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The Taroccos and Melogolds of Encino

February 14, 2001|DAVID KARP

Midwinter is a slow time for farmers markets, but top venues such as Encino always have an exciting variety of produce, including items rarely available at stores.

On Sunday, Delana Fife of Visalia had gorgeous Tarocco blood oranges with sweet, tender flesh that look like striated Italian marble. Taroccos are hardly grown in California because they're not as dark as the standard Moros, but Italian connoisseurs won't touch a Moro when Taroccos are to be found. Fife also carried Oroblancos and Melogolds, superb white-fleshed grapefruit-pummelo hybrids, and pink-fleshed Chandler pummelos, at peak now.

Along with his own tangy-sweet Minneola tangelos, Gene Etheridge of Dinuba brought the last batch of Sarawak pummelos from Ignacio Sanchez of Reedley. With juicy, greenish flesh and an intense lemon-lime flavor, the Sarawak (a.k.a. Tahitian grapefruit) is one of the least known and best-tasting citrus rarities in California. Etheridge also had sliced Fuyu and whole Hachiya dried persimmons. The Vista Del Mundo stand, from Santa Barbara, offered bumpy cherimoyas, deliciously custardy when ripe, along with Hass and Fuerte avocados.

Ever wonder where farmers market stands are getting piles of supposedly field-grown tomatoes in February? In many cases, such vendors deserve a wary scrutiny. The Valdivia stand tomatoes, such as those sold at Encino, are legitimate: As seen on a recent visit, green vines bearing red tomatoes are indeed growing in their fields in Carlsbad. McGrath Farms of Camarillo sold tender fresh broccoli, and tiny, exquisitely sweet peas, just shelled. From Santa Maria, Luis Guevara's attractive display included sweet Mokum carrots, celery, red and green cabbage, spinach and Brussels sprouts.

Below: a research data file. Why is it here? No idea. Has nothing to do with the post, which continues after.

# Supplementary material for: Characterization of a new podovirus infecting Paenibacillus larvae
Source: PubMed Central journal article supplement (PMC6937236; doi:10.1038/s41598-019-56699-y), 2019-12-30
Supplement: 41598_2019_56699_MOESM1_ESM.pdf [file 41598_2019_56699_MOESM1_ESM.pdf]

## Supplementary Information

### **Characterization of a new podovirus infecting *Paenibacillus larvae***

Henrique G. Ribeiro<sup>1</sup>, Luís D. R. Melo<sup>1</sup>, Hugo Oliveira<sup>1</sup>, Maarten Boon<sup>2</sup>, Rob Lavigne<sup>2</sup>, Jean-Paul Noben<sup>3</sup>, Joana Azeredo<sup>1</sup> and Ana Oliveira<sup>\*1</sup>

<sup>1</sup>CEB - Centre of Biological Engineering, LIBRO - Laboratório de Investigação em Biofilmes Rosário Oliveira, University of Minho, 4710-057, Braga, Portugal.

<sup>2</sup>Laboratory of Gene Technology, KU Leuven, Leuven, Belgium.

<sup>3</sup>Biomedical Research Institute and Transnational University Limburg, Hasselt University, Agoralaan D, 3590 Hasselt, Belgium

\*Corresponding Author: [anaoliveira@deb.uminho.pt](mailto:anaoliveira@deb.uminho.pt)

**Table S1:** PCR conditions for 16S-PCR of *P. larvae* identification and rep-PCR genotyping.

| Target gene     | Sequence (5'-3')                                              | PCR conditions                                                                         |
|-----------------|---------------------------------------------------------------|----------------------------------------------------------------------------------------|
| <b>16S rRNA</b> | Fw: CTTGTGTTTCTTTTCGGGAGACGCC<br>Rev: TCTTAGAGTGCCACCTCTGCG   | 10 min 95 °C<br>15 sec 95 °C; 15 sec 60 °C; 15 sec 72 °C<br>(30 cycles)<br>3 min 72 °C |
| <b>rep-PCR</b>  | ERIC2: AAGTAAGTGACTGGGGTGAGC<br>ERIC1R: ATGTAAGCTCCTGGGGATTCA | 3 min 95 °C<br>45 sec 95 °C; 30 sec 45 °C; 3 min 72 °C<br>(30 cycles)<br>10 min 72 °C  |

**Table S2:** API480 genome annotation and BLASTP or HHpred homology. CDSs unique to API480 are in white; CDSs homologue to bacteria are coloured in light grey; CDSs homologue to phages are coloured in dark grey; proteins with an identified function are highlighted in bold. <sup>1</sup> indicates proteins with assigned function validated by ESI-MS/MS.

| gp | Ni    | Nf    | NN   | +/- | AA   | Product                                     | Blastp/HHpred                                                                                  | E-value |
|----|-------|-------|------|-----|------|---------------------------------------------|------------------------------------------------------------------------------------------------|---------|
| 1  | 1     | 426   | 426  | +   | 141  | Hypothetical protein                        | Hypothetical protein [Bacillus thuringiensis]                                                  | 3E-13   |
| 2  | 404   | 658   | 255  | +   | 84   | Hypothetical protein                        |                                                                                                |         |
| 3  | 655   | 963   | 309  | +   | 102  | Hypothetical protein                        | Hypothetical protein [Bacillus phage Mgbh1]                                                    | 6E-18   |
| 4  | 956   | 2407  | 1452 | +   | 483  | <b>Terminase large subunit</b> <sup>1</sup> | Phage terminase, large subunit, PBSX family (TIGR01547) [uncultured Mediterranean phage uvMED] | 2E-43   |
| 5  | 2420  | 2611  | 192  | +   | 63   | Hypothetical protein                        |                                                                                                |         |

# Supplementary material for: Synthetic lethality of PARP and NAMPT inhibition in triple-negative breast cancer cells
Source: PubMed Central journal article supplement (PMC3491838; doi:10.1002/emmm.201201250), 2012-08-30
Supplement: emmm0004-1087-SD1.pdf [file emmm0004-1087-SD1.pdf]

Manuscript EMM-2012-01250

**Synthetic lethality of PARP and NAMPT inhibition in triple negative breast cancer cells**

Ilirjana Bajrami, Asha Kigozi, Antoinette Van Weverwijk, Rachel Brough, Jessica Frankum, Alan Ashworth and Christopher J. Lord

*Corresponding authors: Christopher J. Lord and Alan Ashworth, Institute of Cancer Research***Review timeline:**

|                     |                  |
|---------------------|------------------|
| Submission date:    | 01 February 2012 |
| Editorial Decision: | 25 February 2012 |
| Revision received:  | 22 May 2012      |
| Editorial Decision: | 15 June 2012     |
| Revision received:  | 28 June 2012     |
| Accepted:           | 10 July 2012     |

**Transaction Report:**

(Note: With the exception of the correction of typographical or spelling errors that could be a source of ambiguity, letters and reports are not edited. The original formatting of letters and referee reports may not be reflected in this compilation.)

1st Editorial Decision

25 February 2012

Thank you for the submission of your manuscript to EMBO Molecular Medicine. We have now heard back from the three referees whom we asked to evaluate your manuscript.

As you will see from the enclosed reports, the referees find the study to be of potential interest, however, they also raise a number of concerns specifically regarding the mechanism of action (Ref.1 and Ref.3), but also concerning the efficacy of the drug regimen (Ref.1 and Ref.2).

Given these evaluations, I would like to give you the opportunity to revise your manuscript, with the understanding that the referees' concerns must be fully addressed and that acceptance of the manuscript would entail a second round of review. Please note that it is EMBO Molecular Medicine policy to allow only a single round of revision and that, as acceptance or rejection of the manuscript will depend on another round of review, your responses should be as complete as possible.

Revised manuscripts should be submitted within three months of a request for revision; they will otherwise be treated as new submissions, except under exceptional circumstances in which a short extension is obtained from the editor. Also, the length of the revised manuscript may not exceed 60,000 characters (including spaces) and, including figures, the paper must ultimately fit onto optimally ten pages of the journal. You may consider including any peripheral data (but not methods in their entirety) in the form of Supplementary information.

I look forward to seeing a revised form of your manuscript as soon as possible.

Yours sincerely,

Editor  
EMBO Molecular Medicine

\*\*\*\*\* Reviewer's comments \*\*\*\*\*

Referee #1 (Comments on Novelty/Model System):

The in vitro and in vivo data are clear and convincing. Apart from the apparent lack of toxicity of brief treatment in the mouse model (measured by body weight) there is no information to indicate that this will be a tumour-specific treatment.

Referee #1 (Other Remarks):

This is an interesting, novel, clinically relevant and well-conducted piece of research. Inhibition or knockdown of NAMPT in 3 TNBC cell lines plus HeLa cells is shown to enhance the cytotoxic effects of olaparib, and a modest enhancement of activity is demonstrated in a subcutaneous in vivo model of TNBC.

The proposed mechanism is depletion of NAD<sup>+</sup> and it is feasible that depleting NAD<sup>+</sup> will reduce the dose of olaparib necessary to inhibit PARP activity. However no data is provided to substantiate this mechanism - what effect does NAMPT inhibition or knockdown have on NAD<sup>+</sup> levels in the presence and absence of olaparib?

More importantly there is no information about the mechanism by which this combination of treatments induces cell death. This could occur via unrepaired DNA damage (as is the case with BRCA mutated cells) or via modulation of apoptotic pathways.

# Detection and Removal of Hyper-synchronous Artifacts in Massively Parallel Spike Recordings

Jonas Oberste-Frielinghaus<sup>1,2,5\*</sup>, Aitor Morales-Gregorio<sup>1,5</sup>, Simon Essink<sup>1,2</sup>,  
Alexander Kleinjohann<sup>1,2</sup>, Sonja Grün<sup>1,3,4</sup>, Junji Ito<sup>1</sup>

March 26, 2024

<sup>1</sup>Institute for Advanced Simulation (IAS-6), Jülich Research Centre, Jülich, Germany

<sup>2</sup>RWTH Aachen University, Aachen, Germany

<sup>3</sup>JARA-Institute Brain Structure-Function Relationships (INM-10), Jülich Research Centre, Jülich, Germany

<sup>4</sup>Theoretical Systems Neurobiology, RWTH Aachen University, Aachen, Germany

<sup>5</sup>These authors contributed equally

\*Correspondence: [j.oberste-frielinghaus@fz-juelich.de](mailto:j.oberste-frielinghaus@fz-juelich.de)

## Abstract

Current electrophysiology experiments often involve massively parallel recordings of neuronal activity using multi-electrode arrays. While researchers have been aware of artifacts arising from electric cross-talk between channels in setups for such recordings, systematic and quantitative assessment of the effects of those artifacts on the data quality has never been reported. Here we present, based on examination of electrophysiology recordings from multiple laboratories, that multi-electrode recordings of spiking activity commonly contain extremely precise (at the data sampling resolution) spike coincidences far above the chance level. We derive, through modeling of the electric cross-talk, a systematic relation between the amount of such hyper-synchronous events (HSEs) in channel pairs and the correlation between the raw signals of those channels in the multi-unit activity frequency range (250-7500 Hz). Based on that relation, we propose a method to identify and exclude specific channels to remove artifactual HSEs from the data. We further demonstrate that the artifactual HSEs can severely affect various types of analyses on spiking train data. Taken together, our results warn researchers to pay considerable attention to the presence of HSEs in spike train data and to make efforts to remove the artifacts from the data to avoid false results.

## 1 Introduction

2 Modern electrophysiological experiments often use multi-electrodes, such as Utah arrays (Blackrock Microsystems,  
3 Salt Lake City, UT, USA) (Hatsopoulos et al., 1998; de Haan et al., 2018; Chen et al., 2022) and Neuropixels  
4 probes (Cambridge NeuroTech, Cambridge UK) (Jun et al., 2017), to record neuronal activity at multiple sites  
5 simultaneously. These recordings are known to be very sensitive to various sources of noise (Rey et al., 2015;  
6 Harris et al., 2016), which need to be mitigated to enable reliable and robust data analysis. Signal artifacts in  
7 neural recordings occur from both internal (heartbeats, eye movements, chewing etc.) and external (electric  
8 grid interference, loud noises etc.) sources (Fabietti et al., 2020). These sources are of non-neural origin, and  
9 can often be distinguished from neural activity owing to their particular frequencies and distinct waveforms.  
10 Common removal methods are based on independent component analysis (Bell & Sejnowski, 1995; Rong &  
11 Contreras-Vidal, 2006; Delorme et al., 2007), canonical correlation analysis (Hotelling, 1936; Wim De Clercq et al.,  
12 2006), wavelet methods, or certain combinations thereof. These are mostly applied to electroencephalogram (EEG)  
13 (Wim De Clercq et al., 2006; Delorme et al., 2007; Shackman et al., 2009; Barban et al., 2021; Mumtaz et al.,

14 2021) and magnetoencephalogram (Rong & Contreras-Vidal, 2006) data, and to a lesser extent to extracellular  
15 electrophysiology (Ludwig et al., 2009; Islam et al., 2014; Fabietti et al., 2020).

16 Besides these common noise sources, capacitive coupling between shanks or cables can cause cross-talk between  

Maggie's Farm of Tarzana offered lemony sorrel and anise-flavored chervil, along with mild mache and peppery arugula flowers, which go together nicely in salads. The Underwood Ranch of Moorpark featured artichokes, beets, fennel, chard and star-quality cauliflower: According to two shoppers at the last market, a giant specimen, bedecked with a wig and glasses, played the title role in a film entitled "Einstein's Brain," made by their daughter for a physics class at a local high school.

Encino farmers market, 17400 Victory Blvd. between Balboa Boulevard and White Oak Avenue, Sundays, 8 a.m. to 1 p.m.

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